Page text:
If we look at a trilobite engraving and its predictive drawing done in the 1800s from a fossil fragment (Figure 2), we can immediately identify the artistic heuristic in this image. The artist was presented with a fossil, much of which was missing. The missing parts had to be inferred or extrapolated from the fossil, considered in three dimensions, and compared and referenced to personal experience or to a human “database” of living knowledge of related specimens. The artist-scientist must develop the ability and insight to decide what is morphologically consistent and harmonious with the fossil, considering similarities to other organisms, and deduce the rest of it to produce a complete picture. Each small piece of the anatomy has to be considered as well. Is the anatomy fused? Is it jointed? If there are many specimens, the average form must be considered the most likely. If there are outliers in the form, do they represent disease or simply variation? Physiology, ectothermy or endothermy, and coloration must all be inferred on the basis of prior knowledge or living organisms. Ask students to think about the image of the fossil or the morphology before they begin drawing. We offer a “how-to” example for drawing a trilobite. Have students create a sketchbook of possibilities and variations. In Figure 3, the Cambrian animal Opabinia is sequentially explored. Its general shape, appendages, adaptations for aquatic life, and observable details are extrapolated. Consideration is given to its desiccation in death, compression, and other factors, which enable the artist to speculate about the living form. Students will be given their own fossil card (which you can easily make from images) to explore this process themselves. In reconstructions of entire periods like the Cambrian, a multiplicity of inferences, data, and speculations must be evaluated.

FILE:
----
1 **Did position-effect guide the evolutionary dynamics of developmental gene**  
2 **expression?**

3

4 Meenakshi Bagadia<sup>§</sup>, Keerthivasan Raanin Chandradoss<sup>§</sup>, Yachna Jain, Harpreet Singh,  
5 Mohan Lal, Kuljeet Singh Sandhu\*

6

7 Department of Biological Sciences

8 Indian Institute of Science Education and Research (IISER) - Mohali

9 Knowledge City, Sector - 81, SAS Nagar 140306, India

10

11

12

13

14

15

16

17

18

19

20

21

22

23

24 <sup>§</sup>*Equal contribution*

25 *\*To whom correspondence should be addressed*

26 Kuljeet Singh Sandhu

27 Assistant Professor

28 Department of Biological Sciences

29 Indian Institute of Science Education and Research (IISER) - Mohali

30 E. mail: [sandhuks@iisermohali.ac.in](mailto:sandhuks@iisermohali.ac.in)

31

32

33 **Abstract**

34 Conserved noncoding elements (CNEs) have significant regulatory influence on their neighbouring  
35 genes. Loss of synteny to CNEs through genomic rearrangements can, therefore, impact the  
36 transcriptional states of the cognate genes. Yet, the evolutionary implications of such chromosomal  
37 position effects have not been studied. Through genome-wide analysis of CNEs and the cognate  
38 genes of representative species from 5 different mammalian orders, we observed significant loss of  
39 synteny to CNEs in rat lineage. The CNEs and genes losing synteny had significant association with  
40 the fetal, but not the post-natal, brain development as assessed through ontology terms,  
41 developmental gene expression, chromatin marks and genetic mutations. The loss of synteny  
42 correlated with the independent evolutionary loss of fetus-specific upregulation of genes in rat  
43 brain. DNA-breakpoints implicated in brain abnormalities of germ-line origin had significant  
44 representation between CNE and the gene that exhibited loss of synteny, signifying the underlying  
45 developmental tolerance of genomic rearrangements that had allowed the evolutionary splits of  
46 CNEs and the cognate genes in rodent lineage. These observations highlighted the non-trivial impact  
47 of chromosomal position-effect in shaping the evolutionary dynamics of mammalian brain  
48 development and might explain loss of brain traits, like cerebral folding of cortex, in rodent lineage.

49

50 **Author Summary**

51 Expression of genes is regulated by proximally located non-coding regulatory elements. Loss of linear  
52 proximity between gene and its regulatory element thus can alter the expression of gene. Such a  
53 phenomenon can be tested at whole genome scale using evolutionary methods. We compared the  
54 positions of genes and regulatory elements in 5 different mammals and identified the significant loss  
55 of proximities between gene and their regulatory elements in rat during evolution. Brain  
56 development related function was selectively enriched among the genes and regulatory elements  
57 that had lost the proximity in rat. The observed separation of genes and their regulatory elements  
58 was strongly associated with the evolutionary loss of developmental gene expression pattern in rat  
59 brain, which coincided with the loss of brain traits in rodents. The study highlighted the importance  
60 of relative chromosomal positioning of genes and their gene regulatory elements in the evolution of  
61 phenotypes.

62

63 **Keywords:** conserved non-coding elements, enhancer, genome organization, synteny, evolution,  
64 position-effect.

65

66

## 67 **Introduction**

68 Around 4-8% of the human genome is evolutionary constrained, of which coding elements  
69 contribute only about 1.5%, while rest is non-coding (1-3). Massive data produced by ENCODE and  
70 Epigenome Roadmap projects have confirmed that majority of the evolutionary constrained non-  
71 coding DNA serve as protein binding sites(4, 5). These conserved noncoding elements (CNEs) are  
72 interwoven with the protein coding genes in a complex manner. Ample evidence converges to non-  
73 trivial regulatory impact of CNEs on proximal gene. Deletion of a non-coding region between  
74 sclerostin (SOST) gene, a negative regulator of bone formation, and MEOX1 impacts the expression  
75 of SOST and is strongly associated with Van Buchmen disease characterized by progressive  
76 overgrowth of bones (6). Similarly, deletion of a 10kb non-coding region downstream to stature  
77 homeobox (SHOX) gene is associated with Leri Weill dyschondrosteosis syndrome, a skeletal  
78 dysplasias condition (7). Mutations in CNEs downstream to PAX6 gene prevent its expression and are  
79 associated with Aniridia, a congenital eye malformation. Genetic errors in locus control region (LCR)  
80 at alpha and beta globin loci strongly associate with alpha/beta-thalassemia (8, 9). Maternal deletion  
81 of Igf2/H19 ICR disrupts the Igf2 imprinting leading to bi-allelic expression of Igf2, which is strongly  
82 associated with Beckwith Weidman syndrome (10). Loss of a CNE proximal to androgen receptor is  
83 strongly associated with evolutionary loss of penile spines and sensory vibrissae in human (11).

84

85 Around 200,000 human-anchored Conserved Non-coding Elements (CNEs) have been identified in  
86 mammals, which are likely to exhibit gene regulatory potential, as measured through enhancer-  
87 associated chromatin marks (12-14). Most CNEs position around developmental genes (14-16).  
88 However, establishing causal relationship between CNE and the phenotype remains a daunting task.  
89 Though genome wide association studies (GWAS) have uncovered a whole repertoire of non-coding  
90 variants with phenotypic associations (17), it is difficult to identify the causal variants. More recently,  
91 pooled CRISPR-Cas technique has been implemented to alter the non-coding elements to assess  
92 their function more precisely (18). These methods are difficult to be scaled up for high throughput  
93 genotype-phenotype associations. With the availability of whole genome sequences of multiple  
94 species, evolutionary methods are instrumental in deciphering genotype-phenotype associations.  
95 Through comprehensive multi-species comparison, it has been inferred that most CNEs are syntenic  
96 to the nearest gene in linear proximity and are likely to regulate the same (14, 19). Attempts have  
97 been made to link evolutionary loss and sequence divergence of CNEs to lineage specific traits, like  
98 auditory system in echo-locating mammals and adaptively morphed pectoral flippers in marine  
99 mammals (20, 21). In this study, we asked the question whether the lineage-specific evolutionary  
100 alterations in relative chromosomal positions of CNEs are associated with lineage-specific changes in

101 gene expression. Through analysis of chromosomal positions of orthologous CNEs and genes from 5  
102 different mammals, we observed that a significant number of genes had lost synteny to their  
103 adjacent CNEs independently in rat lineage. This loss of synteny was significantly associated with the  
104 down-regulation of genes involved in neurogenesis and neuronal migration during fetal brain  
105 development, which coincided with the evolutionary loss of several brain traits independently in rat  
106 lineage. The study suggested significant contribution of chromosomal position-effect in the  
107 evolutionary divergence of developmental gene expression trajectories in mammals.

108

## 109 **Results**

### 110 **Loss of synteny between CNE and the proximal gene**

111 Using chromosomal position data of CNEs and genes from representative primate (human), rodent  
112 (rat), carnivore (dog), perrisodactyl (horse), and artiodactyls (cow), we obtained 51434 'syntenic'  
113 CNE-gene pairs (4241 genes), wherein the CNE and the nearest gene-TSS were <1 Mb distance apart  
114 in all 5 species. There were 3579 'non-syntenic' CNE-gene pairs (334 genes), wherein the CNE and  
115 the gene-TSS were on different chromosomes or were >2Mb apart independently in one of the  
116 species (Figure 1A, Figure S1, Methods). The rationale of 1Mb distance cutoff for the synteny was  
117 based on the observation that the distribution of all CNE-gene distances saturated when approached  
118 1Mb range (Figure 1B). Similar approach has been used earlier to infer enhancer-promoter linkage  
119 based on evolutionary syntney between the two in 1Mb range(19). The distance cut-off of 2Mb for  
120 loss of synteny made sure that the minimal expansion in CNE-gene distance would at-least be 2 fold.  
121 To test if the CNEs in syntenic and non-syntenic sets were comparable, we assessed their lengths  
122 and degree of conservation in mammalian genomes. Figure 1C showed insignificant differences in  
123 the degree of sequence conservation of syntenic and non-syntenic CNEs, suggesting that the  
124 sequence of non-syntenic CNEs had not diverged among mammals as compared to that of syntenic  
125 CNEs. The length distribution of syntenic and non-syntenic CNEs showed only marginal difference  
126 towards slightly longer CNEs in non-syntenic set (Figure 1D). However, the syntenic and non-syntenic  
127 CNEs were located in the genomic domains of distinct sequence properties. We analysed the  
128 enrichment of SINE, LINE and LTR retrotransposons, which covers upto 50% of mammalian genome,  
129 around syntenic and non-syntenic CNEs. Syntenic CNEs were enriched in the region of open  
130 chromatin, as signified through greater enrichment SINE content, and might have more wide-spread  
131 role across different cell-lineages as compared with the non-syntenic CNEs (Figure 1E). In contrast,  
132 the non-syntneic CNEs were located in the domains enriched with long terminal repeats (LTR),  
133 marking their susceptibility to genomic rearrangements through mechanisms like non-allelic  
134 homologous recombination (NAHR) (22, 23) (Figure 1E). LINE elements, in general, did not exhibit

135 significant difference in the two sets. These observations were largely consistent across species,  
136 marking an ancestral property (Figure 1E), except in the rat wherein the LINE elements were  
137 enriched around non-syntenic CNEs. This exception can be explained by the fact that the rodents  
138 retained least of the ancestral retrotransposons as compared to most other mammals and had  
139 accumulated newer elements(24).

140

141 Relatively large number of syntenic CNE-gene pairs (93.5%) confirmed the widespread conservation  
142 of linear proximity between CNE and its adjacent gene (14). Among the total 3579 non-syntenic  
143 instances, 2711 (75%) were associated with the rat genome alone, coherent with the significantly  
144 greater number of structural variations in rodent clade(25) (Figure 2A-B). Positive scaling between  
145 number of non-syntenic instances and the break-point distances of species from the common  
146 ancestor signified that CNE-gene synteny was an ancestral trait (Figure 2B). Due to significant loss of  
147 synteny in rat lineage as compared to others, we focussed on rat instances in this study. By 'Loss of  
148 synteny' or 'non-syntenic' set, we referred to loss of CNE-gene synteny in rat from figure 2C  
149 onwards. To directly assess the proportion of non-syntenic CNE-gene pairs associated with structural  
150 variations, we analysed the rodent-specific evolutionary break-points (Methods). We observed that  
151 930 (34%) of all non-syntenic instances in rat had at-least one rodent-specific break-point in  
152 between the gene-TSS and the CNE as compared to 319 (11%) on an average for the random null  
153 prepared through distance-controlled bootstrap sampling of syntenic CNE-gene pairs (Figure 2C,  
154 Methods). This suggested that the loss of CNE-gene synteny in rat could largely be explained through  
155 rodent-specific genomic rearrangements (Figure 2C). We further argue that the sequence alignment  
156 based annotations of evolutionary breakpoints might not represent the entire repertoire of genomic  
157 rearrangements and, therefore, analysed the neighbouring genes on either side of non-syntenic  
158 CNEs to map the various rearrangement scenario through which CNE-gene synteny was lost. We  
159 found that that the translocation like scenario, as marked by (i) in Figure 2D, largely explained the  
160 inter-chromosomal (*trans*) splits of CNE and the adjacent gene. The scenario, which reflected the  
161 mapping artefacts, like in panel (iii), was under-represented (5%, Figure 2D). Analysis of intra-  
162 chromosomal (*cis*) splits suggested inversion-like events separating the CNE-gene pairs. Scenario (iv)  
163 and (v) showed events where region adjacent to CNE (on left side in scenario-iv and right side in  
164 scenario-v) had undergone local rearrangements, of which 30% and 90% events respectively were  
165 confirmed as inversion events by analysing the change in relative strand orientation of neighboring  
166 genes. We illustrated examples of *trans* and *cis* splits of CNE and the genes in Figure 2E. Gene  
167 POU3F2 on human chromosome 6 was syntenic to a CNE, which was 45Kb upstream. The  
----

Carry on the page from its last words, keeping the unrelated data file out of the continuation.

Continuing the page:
Figure 2

Trilobite sketch and morphological analysis and reconstruction from a fossil in the 1800s. Share this with students to remind them of the heuristic of skillful drawing used in evolutionary sciences and to test their drawing inference skill from Figure 1. If fossils are available, have students make an effort to infer, through drawing, the rest of an incomplete fossil. The demonstration will reveal some of the processes of drawing as discovery.

Figure 2

Trilobite sketch and morphological analysis and reconstruction from a fossil in the 1800s. Share this with students to remind them of the heuristic of skillful drawing used in evolutionary sciences and to test their drawing inference skill from Figure 1. If fossils are available, have students make an effort to infer, through drawing, the rest of an incomplete fossil. The demonstration will reveal some of the processes of drawing as discovery.

Figure 3